I lost a good friend a few weeks ago—my TiVo. And with it, I lost all interest in grounded, cable company-provided, coaxial cable-delivered television.
I came home from the gym Friday, excited beyond words to go through the past two weeks of shows waiting on the diminutive, piano-black box: the final two episodes before the series finale of 24, the final two episodes of this season of House, finales of The Office, Community and SNL (in hindsight, my TiVo was probably sick of recording 90 minutes of painfully unfunny garbage), the last episode before the series finale of Lost—hours and hours of entertainment. The “TiVo” button on my universal remote serves two purposes—it turns on my TV and turns on my TiVo—but this time it half-assed its job. I examined the box and could hear it running, but couldn’t get a picture. I tried resetting the TiVo. I tried rebooting the TiVo. I tried blowing dust out of the TiVo with an electric tire pump. I tried cradling the TiVo in my arms. I tried prayer.
The next morning I called tech support and after 15 minutes on hold and 10 minutes with a rep, received some great help: They had no idea what was wrong with it, couldn’t fix it because it was out of warranty and were more than happy to offer me a 20 percent discount to buy a new one.
I loved my TiVo to death, through good times (a commercial-free airing of “Trapped in the Closet” in its entirety) and bad times (forgetting to record season one Mad Men repeats before the second season began), sickness (Wild ’n Out marathons on Saturday mornings in college while nursing a hangover) and health (replaying the Shake Weight commercial over and over), and I always hear how people quit companies cold turkey after poor customer support. Count me as one of those ship-jumpers, and while I’d never wish for a company’s downfall, seeing TiVo’s quarterly profit come in as a $14.2 million loss was not upsetting in the least.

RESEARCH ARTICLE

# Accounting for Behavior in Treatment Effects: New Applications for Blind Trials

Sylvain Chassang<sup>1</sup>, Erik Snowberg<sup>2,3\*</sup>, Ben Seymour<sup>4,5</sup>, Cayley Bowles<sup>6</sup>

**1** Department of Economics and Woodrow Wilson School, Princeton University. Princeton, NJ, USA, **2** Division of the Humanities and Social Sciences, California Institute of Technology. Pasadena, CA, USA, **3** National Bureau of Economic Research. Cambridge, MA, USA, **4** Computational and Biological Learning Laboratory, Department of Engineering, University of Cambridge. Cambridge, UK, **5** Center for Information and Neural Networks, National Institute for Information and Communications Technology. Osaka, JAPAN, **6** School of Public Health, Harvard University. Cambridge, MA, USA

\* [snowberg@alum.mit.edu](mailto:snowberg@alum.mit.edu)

Why is TiVo Inc. the bad guy here? The device was out of warranty, right? Well yeah, but there are a lot of points between “What can I help you with today?” and “I’m sorry, there’s nothing we can do for you.”
After my quick chat with tech support I looked online for anyone with similar problems. I found people not in my shoes but at least the same shoe store. Through the help of some TiVo community messiah, they were able to get their machines working again. How? By using a set of tests by which a TiVo can check itself for errors and determine where the problem lies. I had to read about them on the Internet, but I have a feeling that’s not how it’s supposed to work.
A TiVo is a computer and does computer-y things—it has a circuit board, a hard drive, runs a modified Linux operating system and connects to the Internet. Computers are investments, like a car or a house. When your car breaks down, does the manufacturer offer to figure out what the problem is and replace that part? Or tell you to trash it and buy a brand new one? When there is a leak in your house, do you hire a plumber to find it, or an architect to gut the house and start from scratch?
That’s to say nothing of loyalty: I’ve been a customer for three and a half years and given more money to their bottom line than I care to admit. TiVos require a monthly subscription fee, and while the company does offer a pay-once lifetime sub, few users pay $399 (no, there’s not a decimal missing there) upfront for that privilege. It gives the impression TiVo views its customers like wireless phone carriers do—not as humans, but as the lump-sum of their umpteen-month commitment’s bills.
Customers should never be thought of as disposable, as sums of money or unimportant. Maybe an industry-leading company can get away with it, but TiVo certainly can’t. At no point in the company’s 11-year history could it and it sure as hell cannot now. I’ve explained at length why paying disgusting amounts of money to cable companies is rapidly becoming unnecessary, and the Grim Reaper is en route to 2160 Gold St. in Alviso, Calif. too.